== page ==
Philanthropist. Motivational speaker. Literary advocate. Mentor. Brand Ambassador. Entrepreneur. There are so many titles that Gabrielle Davida Gay holds and many hats that she wears which show she is a force to be reckoned with. It was only fitting that she opened our 30 Under 30 list. The gem in her crown is her literary mentorship project, The Gabrielle Gay Trophy for Excellence in Reading. The project is the only one of its kind in Barbados and runs in all 91 primary schools, all 29 secondary schools and in The Barbados Community College, with regional and global expansion en route. Gabrielle was even recently recognized for her work by The Queen’s Young Leaders Programme where she placed as a runner up. Gabrielle is definitely one to watch as a young rising star with an exceedingly bright future.
Justin ‘Jus Jay’ King
Music producer. Event promoter. Entrepreneur. Disc jockey. Brand Ambassador. Entertainer. Dancer. Easily coasting on to our 30 Under 30 list, Justin Jus Jay King @jusjayking is no stranger to the Barbadian entertainment arena but this young DJ has also had both a regional and global impact. A finalist in the 2018 Red Bull 3Style World DJ Championship, King has proven that he possess and masters the ability of being a world class DJ. King is proud of his passion and strives to make his country proud by flying the Barbadian flag high wherever he goes as he performs at stages across the region and the world. The former soca singer’s work ethic is breathtaking and his creative vision clearly shows that this young talent is far from finished and not afraid to try new things. Definitely one to watch as we expect so much more in the years to come.
Victor White aims to put his name on history’s page by becoming Barbados’ first ever Winter Olympic athlete, which lands him on our 30 Under 30 list. The young freestyle skier is the island’s first freeskier and has already started his journey by becoming the first Bajan to compete in the Slope Style World Cup. He has also represented the island in the Swedish National Championships, making it all the way to the finals where he placed 8th. Even though White did not make it to the 2018 Winter Olympics as he planned, he nevertheless has his sights set on the 2022 Winter Olympics. White aims to honour his father’s memory and do his country proud by bringing home an Olympic Gold medal.
Olivia Baker nee Waithe, also known as Livvi Franc to many Bajans, rose to fame in 2008 as she slinked her way onto screens as the sultry pop singer with songs such as ‘Now I’m That Bitch’ and ‘Automatik’. However, it is her prowess as a songwriter where the young British-Barbadian truly shines and it is why we’ve chosen her for this year’s 30 Under 30 list. Livvi’s talent was recognised from early and she has written for a string of entertainers and singers such as Rihanna, Michael Jackson, Britney Spears, Ciara, Jordin Sparks, Christina Aguilera, Demi Lovato, Kelly Clarkson, Selena Gomez, Shakira, Leona Lewis, DJ Khaled, Jason Derulo, Zendaya and Cheryl Cole. Her track for Rihanna, What Now, was the 6th single from Rihanna's album ‘Unapologetic’ and peaked at number 25 on the Billboard Hot 100. Livvi's exhaustive songwriting credits showcase that this young talent definitely punches above her weight and is an inspiration because of how humble and hardworking she remains.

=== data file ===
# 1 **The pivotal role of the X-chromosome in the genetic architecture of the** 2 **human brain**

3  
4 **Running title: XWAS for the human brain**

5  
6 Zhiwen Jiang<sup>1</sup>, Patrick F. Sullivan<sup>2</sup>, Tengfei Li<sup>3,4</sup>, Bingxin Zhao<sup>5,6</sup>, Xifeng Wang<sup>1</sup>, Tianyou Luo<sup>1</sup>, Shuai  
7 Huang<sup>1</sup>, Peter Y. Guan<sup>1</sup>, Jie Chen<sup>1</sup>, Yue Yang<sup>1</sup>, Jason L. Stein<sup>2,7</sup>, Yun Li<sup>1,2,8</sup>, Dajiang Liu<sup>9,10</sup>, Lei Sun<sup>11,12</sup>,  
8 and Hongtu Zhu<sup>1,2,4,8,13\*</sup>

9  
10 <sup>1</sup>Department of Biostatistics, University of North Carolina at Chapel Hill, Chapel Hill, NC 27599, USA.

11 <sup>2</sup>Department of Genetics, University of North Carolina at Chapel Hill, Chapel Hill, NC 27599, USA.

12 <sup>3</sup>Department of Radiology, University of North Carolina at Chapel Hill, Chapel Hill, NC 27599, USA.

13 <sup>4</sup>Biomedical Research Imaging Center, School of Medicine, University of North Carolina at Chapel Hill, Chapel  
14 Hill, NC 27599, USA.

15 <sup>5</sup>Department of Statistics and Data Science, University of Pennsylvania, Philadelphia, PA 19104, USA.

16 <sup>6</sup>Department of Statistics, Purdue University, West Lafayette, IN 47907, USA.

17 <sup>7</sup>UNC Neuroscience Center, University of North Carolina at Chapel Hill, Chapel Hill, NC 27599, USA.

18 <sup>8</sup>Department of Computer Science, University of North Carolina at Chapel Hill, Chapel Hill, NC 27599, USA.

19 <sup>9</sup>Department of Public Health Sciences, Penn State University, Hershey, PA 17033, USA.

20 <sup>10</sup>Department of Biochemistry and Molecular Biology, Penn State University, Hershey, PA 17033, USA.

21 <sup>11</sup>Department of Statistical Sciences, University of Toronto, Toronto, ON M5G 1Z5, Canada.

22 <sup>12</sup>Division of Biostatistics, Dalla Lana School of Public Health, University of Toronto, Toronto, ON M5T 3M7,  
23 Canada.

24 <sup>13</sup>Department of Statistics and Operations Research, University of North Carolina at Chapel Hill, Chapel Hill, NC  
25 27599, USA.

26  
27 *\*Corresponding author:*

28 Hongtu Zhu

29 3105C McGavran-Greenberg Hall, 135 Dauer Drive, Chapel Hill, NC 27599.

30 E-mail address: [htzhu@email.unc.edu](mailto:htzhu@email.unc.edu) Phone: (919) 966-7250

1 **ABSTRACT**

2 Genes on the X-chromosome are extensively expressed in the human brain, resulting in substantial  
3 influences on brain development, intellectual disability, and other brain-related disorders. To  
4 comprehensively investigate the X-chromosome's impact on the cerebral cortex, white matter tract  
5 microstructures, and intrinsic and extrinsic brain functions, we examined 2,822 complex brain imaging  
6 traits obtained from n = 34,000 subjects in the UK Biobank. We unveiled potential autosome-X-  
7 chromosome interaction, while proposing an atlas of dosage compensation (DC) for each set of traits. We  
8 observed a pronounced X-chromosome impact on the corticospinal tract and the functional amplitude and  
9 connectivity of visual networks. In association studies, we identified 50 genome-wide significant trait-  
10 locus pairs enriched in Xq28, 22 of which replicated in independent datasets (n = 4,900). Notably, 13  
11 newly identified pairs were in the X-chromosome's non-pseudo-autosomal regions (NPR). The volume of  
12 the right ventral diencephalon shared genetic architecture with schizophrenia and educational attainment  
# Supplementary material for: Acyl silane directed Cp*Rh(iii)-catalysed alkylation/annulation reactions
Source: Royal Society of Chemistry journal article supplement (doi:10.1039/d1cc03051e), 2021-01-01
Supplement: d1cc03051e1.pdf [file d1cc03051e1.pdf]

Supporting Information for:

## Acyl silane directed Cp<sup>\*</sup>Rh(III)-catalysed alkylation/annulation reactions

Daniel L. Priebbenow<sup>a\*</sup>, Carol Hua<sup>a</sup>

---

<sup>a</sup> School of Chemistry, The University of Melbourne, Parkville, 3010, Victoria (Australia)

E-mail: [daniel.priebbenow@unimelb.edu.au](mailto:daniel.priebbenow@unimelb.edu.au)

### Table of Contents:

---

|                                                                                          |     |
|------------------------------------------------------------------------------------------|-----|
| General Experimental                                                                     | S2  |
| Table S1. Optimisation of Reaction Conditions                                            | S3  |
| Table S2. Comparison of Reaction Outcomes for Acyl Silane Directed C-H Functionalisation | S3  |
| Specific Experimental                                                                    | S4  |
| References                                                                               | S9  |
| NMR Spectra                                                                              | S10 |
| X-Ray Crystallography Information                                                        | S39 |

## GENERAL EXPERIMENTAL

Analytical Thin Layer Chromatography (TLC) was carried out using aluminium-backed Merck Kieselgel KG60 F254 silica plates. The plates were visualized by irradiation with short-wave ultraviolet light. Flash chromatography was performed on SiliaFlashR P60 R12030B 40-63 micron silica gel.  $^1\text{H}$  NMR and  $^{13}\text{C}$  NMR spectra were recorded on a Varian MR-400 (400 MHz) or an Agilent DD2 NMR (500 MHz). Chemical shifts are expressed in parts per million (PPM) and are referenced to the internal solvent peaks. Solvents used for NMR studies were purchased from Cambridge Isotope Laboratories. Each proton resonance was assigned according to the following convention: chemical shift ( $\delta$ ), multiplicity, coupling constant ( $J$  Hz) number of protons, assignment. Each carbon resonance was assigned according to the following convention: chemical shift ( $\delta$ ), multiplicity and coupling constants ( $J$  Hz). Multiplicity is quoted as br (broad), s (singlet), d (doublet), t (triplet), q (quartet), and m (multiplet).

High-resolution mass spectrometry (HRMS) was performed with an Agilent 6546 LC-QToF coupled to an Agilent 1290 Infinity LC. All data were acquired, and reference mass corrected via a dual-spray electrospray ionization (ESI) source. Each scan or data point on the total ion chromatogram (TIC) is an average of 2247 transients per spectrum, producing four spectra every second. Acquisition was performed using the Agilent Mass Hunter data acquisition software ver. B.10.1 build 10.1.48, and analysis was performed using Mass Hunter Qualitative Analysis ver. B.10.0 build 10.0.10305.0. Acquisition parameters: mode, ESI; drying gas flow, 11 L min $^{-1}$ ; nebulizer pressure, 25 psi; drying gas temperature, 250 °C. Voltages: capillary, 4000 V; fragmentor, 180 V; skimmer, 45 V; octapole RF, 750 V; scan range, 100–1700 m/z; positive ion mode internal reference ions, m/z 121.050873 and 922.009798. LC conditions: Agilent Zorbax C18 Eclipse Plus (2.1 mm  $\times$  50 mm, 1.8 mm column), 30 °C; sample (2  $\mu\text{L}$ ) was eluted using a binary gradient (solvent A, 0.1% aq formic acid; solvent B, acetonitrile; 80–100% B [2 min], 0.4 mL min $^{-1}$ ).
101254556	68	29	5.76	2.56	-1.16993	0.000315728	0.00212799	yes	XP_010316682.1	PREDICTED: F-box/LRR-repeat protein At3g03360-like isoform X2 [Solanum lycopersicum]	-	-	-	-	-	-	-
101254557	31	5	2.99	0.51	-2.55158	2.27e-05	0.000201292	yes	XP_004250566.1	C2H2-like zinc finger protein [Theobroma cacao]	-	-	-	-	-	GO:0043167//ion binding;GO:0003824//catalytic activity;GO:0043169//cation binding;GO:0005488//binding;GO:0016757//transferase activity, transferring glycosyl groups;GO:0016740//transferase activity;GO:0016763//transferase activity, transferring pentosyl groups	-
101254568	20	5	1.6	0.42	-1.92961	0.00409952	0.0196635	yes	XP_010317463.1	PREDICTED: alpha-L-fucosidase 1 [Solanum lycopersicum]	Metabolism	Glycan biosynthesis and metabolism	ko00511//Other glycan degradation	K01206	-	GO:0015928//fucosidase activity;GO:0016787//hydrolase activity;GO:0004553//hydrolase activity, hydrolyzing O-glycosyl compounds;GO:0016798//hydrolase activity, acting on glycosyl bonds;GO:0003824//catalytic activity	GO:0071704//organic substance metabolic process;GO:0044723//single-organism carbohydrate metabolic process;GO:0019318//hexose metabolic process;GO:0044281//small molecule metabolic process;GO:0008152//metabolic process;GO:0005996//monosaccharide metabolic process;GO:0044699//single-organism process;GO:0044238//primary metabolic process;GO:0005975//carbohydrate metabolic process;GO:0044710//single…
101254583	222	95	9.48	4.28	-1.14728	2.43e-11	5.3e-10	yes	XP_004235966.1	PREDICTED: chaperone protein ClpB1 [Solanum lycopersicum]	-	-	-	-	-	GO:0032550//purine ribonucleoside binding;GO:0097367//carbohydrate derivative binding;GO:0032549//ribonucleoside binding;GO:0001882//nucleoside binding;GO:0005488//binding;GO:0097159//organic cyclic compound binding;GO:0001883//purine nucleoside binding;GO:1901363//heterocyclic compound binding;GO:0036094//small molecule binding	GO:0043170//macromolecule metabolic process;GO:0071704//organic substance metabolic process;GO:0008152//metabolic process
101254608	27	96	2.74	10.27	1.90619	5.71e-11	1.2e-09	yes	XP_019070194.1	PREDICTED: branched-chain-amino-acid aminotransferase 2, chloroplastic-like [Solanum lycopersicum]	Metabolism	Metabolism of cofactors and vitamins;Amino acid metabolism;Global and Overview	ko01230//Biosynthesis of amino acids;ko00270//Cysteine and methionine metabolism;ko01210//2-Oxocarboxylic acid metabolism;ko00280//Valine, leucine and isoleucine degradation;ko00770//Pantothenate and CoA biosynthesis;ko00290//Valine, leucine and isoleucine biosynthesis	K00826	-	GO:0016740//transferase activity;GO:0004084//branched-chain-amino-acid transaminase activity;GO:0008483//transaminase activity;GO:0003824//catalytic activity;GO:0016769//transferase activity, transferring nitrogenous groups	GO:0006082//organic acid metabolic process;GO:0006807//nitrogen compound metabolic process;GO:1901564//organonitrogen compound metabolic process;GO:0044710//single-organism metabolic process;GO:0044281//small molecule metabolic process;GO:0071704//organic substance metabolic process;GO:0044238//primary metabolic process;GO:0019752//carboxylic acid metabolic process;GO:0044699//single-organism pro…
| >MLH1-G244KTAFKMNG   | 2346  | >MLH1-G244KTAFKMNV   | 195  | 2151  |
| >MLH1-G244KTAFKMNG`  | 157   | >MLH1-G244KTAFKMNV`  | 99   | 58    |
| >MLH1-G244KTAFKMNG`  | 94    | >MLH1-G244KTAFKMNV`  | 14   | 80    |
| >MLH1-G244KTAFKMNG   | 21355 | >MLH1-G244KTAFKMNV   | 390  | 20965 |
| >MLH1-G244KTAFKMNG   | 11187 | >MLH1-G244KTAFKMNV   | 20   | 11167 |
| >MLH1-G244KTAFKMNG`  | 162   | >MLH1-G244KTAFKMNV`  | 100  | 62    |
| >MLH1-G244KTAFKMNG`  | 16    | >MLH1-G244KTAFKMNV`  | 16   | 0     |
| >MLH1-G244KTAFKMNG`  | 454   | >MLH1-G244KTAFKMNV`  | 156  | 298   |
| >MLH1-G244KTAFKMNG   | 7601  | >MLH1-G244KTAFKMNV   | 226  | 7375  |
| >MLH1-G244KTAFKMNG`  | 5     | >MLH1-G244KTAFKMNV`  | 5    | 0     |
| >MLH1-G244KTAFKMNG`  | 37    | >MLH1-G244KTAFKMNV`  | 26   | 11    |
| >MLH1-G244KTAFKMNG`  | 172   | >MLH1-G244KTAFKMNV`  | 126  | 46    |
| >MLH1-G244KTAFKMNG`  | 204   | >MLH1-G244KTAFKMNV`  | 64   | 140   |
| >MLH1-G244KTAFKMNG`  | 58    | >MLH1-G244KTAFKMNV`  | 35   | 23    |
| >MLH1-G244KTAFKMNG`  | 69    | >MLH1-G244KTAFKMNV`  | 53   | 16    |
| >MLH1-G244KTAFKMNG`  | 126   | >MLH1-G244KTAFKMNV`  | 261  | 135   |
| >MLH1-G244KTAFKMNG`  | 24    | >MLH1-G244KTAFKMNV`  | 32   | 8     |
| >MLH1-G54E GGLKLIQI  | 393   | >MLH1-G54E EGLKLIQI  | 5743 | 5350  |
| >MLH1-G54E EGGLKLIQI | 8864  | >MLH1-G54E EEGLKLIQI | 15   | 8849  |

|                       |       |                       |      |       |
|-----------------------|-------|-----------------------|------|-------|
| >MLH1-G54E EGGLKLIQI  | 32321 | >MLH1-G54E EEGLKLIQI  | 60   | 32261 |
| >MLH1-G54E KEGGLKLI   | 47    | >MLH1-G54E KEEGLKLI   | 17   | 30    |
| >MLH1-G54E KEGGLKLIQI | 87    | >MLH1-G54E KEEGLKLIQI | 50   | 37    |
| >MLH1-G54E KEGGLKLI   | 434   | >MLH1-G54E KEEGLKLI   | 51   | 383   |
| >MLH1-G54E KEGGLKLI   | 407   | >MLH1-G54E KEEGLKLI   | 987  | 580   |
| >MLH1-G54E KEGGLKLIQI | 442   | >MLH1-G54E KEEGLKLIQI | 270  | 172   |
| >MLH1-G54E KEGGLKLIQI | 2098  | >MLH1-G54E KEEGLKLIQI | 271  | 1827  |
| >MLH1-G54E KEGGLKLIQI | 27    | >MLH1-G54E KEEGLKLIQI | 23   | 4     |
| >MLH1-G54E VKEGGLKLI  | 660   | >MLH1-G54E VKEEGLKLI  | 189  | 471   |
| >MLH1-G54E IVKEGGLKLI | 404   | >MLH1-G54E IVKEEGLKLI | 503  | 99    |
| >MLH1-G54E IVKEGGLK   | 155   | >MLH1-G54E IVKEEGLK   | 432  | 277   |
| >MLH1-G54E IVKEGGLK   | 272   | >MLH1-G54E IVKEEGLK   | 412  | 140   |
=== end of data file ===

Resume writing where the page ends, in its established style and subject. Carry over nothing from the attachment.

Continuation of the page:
Meagan Best is a young professional squash phenomenon who has created a name for herself by becoming the top squash player to represent Barbados at an international level and for that reason she has landed on our 30 Under 30 list. Seven years ago, Best first began playing squash competitively and over the years she has left her mark, with many eyeing her for future greatness. For her young age she has amassed a number of titles under her belt, such as being the youngest player to win Senior National and Senior Regional squash titles. Best was also the first Barbadian squash player to qualify for the final round of an international squash championship and the first Caribbean national to win a US Junior Open championship title, back in December 2017 when she won the GU17. With five Caribbean Junior Titles, two Caribbean Senior Titles under her belt and reigning as the Caribbean Senior Ladies and Caribbean Girls Under 17 Champion, Best dominates her field and aims to be the first Olympic squash champion from Barbados. Given her competitive record and all she has achieved, that’s a future we can believe in.